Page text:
Last modified: 2012-08-09 by rob raeside
Keywords: ontario | hamilton |
Links: FOTW homepage | search | disclaimer and copyright | write us | mirrors
image by Jarig Bakker
Previous to 1974,Wentworth County administered the area (to my knowledge; I've never lived in a "County"!); in 1974, the Regional Municipality of Hamilton-Wentworth was formed, with the 'member' communities (City of Stoney Creek, City of Hamilton, Town of Ancaster, Town of Dundas, Township of Flamborough, Township of Glanbrook) taking care of municipal matters with the Region taking care of wider, regional matters.
In 2001, the Regional Municipality of Hamilton-Wentworth fell victim to the
Progressive Conservative government of Mike Harris policy of "downloading" and
amalgamating, whereby to cut government costs, the Provincial government 'downloaded'
formerly Provincial responsibilities to regions and municipalities. As an example,
the former "Queen's Highways" #5 and #2 were provincial
now they are called "Halton Region Highway #5 (Dundas Street)", and "Halton Region
Highway #2 (Lakeshore Boulevard)". Amalgamation was where the regions were merged
into 1 "supercity". Besides Hamilton-Wentworth, Toronto, Sudbury, Kingston and
Ottawa-Carleton were also amalgamated between 1998 and 2002.
Georges G. Kovari 18 March 2005
From the Hamilton website:
Description: Bishop Ralph Spence designed the flag. Bishop Spence is Canada’s leading specialist in the Science of Flags or Vexillology. He has designed numerous flags for municipalities and governments.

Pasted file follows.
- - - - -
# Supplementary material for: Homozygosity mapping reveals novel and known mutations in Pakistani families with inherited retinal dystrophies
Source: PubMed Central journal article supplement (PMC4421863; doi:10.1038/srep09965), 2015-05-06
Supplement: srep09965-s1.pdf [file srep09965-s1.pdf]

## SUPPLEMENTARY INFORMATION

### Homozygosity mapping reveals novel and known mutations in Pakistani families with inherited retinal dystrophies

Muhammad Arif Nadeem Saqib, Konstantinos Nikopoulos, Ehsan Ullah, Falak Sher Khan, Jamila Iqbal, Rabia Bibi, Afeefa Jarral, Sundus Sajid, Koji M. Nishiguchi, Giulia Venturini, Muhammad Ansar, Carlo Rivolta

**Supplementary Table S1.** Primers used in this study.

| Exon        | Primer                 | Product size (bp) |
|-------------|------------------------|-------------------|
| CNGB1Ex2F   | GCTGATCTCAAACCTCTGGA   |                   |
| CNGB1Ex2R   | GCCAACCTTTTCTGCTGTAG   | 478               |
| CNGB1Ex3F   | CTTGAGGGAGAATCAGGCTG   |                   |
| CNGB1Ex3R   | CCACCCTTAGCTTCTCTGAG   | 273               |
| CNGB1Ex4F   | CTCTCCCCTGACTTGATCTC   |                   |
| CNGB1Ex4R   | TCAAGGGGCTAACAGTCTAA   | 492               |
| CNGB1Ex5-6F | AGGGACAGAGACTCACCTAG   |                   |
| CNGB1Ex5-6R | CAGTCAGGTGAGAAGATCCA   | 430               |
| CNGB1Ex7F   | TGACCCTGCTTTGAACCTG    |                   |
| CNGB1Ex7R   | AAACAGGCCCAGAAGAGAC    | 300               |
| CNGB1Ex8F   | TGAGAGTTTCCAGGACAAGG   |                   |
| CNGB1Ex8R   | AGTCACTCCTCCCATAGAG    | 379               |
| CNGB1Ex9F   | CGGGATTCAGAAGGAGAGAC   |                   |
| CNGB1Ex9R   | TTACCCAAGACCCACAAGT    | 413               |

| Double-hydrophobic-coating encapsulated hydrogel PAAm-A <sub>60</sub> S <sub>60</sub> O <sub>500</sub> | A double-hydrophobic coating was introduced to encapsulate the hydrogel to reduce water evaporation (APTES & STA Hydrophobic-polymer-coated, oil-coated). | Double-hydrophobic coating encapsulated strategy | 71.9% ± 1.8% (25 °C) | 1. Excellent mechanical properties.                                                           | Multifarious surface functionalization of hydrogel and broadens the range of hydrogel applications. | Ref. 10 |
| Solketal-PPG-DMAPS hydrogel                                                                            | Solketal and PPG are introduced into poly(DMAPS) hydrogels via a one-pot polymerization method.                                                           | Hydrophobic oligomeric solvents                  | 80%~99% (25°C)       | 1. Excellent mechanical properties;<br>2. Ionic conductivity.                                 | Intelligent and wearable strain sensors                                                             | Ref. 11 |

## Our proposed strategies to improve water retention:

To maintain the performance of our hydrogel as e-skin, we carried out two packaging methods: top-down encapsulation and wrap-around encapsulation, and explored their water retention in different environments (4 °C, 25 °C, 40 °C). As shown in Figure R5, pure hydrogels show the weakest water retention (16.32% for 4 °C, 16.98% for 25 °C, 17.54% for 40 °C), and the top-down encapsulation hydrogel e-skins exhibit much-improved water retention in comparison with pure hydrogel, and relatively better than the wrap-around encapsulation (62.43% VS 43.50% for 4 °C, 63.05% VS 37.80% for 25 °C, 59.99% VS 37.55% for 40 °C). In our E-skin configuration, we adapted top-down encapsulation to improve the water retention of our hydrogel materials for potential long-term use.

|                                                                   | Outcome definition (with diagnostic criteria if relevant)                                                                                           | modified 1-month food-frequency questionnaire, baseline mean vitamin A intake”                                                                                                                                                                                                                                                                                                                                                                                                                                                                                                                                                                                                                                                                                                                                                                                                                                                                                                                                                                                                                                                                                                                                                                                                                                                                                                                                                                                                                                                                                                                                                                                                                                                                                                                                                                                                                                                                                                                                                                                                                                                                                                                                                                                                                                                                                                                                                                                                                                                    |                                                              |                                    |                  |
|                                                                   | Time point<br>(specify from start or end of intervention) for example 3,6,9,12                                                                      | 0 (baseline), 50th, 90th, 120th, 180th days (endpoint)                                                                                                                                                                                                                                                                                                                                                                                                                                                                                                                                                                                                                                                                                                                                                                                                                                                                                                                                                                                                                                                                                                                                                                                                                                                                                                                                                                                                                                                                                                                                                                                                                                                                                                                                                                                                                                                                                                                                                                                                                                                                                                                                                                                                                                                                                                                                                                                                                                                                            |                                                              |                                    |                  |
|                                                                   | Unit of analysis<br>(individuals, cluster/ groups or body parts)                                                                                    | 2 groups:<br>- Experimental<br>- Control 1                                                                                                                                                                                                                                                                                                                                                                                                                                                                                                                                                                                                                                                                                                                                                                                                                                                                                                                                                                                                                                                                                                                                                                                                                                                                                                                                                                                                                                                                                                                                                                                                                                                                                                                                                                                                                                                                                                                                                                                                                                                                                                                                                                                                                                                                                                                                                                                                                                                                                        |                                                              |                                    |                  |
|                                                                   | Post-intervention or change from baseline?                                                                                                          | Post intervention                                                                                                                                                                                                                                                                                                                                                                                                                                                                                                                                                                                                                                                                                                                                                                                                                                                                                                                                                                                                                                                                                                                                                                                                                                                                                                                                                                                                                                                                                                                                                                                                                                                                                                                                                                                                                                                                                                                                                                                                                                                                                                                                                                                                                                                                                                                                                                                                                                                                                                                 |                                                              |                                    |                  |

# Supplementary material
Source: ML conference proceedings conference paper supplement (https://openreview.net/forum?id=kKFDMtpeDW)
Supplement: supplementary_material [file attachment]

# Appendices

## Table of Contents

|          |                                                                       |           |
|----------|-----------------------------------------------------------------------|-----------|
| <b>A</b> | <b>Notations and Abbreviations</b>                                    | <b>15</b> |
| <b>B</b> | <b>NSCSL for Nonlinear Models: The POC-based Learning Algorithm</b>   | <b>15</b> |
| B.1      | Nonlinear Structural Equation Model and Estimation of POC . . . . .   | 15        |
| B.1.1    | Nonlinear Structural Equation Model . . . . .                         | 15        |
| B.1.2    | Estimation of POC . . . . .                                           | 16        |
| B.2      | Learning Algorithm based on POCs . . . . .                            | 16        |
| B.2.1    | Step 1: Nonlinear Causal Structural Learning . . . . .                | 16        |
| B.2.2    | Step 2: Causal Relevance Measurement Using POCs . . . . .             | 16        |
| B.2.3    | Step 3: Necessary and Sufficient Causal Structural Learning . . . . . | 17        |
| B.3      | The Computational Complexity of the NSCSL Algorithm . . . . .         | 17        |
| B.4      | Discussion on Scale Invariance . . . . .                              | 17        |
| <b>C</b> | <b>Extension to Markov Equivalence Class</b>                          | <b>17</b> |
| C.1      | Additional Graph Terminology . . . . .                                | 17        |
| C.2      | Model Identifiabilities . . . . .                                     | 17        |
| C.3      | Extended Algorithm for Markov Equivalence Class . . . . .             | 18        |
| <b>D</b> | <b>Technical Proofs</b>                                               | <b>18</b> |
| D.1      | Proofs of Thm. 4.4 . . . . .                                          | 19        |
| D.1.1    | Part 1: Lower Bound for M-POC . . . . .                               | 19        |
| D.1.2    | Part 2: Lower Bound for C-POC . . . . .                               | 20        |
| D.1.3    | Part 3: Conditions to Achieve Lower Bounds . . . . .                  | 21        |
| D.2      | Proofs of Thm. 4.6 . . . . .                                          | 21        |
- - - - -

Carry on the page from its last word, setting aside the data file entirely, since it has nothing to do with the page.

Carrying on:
The dimensions of the flag are two to one. These are the same dimensions as the National Flag of Canada. The flag is divided with a Canadian Pale in royal blue with borders of golden yellow. The flag uses two major elements taken directly from the City of Hamilton’s Grant of Arms. The golden yellow Cinquefoil is a heraldic flower of five petals that is the badge of the Clan Hamilton and represents the name of the city. The links circling the Cinquefoil, also golden yellow in colour, have two meanings - first, a circle of links is the standard heraldic symbol for unity, and second, they symbolize steel. The six larger links are symbolic of the six communities joined in unity. This flag when flown with the Canadian Flag - either stationary on a pole or flown from flagpoles outside at the same height - would be complimentary and distinctive in Canada.
Jarig Bakker, 17 March 2005
Or on a Canadian pale Azure a cinquefoil encircled by a chain as in the Arms Or
The City's flag is modeled on the national flag with the cinquefoil and chain
taken from the arms.
Pascal Vagnat, 1 August 2005, citing Public Register of Arms, Flags and Badges of Canada
On 27 February 2009, Kevin Werner reports Stoney Creek News that "Hamilton flag makes councillor 'puke'":
Do you know what Hamilton’s flag looks like? Stoney Creek councillor David Mitchell asked that question recently to a few city employees, and discovered they didn’t know. His experience proved his point that Hamilton should replace its eight- year-old flag.